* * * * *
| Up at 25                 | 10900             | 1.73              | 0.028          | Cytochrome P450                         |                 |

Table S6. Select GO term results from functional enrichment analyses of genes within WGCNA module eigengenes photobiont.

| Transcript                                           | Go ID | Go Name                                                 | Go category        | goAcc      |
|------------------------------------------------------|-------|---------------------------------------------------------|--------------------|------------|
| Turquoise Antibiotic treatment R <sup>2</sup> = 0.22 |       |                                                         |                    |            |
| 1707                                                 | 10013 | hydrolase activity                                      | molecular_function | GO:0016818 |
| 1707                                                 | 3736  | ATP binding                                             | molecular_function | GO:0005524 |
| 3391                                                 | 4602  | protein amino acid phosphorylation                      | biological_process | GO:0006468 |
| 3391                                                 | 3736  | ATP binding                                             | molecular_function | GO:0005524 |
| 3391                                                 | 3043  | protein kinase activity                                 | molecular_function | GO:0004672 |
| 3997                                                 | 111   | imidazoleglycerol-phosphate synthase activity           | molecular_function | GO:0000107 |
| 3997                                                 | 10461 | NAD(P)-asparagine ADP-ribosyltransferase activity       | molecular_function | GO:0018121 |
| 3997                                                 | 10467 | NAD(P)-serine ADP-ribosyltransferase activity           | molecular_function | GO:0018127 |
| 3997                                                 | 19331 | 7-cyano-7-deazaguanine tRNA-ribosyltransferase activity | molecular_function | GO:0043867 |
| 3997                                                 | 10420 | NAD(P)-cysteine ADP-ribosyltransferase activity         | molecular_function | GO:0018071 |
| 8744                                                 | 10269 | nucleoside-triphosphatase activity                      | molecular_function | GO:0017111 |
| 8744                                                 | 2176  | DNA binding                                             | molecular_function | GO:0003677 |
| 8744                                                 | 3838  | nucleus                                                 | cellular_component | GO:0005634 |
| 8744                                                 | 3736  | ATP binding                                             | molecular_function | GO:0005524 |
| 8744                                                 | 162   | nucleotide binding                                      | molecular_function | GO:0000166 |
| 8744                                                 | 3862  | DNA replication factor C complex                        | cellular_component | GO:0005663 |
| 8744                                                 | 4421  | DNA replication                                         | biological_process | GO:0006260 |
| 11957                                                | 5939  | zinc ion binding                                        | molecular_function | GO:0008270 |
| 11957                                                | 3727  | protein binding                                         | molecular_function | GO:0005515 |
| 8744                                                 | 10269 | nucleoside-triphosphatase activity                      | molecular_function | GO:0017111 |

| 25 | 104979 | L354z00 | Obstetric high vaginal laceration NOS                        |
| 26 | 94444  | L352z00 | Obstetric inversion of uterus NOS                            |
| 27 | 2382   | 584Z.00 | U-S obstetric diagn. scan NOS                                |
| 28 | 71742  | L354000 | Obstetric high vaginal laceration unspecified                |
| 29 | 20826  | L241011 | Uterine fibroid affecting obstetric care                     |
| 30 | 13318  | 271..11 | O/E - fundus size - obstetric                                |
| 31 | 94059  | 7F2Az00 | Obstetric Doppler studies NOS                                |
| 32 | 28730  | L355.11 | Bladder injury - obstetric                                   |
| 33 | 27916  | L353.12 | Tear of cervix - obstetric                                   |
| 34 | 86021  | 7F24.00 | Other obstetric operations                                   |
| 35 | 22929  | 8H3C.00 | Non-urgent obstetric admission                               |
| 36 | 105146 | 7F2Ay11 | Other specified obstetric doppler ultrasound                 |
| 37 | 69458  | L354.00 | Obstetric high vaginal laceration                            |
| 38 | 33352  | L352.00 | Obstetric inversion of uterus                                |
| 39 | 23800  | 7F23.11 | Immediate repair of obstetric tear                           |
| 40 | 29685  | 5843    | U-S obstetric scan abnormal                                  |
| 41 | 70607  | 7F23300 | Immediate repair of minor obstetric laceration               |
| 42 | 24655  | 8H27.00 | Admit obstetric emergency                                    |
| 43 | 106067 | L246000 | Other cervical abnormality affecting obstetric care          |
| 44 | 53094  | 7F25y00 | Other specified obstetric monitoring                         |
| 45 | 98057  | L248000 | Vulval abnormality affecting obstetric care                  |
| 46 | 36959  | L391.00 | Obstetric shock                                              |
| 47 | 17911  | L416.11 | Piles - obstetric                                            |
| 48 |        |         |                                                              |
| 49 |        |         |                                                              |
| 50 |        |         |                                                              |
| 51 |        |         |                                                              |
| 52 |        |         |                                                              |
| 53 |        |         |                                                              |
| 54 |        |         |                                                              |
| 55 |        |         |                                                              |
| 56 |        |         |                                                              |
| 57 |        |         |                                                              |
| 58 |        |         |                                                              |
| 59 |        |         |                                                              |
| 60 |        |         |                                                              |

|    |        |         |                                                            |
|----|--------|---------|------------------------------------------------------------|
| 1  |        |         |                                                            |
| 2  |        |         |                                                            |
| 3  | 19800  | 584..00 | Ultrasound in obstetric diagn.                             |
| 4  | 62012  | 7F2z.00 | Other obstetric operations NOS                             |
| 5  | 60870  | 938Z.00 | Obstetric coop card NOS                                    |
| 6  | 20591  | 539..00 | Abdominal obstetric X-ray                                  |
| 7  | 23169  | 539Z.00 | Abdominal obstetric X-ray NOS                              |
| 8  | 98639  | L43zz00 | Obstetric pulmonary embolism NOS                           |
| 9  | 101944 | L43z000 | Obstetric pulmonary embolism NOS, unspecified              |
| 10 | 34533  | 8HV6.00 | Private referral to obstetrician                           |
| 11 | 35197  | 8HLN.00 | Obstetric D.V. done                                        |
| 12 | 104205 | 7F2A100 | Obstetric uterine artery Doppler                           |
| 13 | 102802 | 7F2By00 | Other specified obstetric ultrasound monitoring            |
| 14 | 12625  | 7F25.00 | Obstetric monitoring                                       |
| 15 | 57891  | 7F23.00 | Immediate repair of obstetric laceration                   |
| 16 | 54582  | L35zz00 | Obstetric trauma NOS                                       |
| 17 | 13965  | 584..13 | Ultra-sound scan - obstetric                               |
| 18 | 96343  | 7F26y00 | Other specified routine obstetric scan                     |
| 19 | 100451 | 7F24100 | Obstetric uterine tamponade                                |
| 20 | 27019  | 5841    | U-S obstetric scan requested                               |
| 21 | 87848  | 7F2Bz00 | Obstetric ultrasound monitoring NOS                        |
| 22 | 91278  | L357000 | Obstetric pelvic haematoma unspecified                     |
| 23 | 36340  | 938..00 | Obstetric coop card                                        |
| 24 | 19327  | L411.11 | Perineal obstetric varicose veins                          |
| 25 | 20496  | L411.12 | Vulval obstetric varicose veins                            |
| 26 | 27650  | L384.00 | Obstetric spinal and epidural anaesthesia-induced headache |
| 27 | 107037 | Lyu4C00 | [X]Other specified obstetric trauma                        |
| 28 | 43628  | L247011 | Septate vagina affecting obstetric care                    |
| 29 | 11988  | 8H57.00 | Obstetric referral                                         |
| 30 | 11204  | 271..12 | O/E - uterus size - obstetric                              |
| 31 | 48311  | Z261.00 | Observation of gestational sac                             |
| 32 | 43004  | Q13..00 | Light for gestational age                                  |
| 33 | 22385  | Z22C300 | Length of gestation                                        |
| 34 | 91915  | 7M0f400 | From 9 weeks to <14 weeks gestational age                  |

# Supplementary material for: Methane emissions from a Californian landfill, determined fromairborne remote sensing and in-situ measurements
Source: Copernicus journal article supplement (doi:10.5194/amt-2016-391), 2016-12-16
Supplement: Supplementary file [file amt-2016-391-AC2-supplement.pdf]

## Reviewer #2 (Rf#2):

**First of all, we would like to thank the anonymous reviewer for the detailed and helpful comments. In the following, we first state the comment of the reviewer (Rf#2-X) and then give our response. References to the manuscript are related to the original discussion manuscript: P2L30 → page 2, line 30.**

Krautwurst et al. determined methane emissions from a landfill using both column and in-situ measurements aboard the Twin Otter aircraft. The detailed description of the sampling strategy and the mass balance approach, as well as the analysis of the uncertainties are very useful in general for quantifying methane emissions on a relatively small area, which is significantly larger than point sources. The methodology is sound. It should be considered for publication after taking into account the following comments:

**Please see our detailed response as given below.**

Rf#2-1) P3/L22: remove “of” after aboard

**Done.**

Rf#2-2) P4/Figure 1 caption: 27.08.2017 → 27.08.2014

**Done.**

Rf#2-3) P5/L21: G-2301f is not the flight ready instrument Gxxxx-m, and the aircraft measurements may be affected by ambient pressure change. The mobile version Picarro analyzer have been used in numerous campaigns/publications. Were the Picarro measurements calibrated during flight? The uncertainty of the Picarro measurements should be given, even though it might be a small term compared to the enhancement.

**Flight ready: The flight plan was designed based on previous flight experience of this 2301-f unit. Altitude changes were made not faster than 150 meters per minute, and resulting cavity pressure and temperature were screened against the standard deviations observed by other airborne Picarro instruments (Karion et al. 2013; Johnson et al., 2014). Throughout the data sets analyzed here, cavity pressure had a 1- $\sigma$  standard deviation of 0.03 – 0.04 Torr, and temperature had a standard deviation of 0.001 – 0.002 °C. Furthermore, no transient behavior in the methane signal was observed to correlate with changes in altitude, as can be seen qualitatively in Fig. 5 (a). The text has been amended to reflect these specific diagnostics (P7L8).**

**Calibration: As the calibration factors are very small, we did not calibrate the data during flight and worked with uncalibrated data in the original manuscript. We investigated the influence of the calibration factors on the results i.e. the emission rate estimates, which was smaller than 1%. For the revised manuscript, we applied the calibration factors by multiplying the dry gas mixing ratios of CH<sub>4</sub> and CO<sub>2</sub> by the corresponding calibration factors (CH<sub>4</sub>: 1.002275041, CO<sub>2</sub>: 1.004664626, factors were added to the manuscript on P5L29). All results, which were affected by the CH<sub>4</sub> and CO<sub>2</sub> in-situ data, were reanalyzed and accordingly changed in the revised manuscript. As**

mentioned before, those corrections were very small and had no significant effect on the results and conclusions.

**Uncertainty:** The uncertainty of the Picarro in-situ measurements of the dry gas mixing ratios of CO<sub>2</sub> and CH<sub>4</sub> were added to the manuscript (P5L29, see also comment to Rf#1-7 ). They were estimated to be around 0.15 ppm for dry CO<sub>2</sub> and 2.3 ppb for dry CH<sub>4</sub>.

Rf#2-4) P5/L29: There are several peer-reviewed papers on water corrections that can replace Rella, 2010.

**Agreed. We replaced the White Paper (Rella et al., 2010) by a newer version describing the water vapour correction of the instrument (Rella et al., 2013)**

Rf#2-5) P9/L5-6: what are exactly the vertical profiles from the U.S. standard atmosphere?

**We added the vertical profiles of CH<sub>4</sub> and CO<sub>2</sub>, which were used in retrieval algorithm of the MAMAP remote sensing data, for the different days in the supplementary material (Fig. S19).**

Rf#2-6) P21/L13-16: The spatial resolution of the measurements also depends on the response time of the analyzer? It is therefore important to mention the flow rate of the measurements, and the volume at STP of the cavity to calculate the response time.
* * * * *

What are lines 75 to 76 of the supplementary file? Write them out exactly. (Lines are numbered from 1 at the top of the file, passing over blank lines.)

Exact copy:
| 12 | 104205 | 7F2A100 | Obstetric uterine artery Doppler                           |
| 13 | 102802 | 7F2By00 | Other specified obstetric ultrasound monitoring            |